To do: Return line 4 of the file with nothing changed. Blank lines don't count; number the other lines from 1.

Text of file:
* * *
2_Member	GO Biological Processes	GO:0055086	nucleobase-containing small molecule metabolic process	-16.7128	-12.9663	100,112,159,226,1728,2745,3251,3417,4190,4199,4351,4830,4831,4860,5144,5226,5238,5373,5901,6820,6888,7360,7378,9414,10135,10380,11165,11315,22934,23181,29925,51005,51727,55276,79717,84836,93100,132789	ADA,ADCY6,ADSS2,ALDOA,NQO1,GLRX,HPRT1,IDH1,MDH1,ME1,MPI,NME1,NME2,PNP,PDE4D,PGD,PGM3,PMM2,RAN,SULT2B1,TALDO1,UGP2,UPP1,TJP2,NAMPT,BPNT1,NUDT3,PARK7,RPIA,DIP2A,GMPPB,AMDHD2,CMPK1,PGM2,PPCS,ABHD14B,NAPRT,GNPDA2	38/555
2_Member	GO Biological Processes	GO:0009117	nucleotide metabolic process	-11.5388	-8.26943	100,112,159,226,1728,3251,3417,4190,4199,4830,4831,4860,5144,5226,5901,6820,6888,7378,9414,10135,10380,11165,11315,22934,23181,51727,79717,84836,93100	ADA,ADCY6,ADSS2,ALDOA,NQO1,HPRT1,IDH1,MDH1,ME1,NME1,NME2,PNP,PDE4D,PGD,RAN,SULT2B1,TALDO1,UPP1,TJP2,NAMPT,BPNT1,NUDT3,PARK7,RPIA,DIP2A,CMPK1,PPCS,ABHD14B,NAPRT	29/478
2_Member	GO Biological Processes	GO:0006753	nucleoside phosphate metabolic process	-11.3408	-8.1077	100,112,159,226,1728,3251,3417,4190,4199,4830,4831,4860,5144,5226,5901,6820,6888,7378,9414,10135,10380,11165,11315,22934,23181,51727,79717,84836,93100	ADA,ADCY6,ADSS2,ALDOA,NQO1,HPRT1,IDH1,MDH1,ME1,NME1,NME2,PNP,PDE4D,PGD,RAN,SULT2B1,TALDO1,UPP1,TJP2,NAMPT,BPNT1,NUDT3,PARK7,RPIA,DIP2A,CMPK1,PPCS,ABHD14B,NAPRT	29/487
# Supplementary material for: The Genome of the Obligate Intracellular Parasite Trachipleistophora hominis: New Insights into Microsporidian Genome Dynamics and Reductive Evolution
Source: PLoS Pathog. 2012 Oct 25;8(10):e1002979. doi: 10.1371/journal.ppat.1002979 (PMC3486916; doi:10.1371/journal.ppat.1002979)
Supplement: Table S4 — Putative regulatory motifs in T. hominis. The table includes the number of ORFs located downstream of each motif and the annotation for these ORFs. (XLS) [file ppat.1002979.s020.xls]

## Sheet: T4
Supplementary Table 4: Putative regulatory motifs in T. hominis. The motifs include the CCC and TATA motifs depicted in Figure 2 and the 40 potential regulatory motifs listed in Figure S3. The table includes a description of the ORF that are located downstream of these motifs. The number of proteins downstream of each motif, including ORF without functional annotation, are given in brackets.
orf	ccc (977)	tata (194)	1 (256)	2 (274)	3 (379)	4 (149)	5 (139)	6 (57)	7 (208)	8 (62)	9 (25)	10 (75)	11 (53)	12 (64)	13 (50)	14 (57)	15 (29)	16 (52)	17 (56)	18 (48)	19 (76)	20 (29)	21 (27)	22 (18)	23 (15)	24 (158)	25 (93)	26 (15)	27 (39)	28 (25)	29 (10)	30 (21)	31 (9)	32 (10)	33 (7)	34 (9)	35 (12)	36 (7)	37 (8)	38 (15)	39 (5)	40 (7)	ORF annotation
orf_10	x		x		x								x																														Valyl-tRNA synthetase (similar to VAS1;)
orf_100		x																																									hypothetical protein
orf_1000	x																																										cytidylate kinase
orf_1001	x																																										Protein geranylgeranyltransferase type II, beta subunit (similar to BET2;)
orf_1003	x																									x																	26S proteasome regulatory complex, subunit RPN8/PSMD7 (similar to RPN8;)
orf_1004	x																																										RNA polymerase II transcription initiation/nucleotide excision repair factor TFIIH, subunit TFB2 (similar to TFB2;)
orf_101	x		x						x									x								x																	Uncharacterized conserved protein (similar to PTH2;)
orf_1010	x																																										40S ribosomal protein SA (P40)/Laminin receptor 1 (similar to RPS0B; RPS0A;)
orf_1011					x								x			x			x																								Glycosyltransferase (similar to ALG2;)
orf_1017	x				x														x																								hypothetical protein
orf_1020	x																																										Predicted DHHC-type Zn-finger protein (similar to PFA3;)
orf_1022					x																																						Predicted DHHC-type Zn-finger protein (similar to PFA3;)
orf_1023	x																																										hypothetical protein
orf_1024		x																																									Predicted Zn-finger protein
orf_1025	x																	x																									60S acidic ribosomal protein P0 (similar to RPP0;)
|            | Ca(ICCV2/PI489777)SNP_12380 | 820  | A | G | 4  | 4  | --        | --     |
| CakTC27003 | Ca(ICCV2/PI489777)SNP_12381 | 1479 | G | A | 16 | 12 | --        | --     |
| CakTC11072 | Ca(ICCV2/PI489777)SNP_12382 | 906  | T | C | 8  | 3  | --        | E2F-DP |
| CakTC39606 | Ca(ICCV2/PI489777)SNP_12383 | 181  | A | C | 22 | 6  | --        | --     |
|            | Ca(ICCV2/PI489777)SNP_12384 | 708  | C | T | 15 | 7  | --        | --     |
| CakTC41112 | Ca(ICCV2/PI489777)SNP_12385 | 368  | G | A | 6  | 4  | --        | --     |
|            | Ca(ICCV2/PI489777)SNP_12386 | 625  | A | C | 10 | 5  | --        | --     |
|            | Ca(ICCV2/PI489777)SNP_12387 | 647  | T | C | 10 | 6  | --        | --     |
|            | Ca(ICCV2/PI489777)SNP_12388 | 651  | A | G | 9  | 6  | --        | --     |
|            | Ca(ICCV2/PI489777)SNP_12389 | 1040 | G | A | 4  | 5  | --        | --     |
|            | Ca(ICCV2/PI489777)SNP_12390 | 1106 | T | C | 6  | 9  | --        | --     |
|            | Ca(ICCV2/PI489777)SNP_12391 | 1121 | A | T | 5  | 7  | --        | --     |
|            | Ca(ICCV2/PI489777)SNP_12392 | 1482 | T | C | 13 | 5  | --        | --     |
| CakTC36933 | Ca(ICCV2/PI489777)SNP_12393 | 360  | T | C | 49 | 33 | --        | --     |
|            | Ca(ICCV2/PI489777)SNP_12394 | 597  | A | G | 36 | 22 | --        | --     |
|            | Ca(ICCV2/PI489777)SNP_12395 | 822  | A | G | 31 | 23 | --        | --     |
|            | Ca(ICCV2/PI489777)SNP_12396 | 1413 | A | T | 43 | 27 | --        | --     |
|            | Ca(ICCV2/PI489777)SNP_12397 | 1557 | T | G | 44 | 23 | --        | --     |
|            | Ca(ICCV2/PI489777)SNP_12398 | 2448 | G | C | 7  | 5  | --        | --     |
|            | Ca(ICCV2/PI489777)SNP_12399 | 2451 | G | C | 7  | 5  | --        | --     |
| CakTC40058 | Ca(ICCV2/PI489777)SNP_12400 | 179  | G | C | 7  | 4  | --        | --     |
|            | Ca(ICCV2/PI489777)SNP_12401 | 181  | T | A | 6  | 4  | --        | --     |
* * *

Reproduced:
# Supplementary material for: The Genome of the Obligate Intracellular Parasite Trachipleistophora hominis: New Insights into Microsporidian Genome Dynamics and Reductive Evolution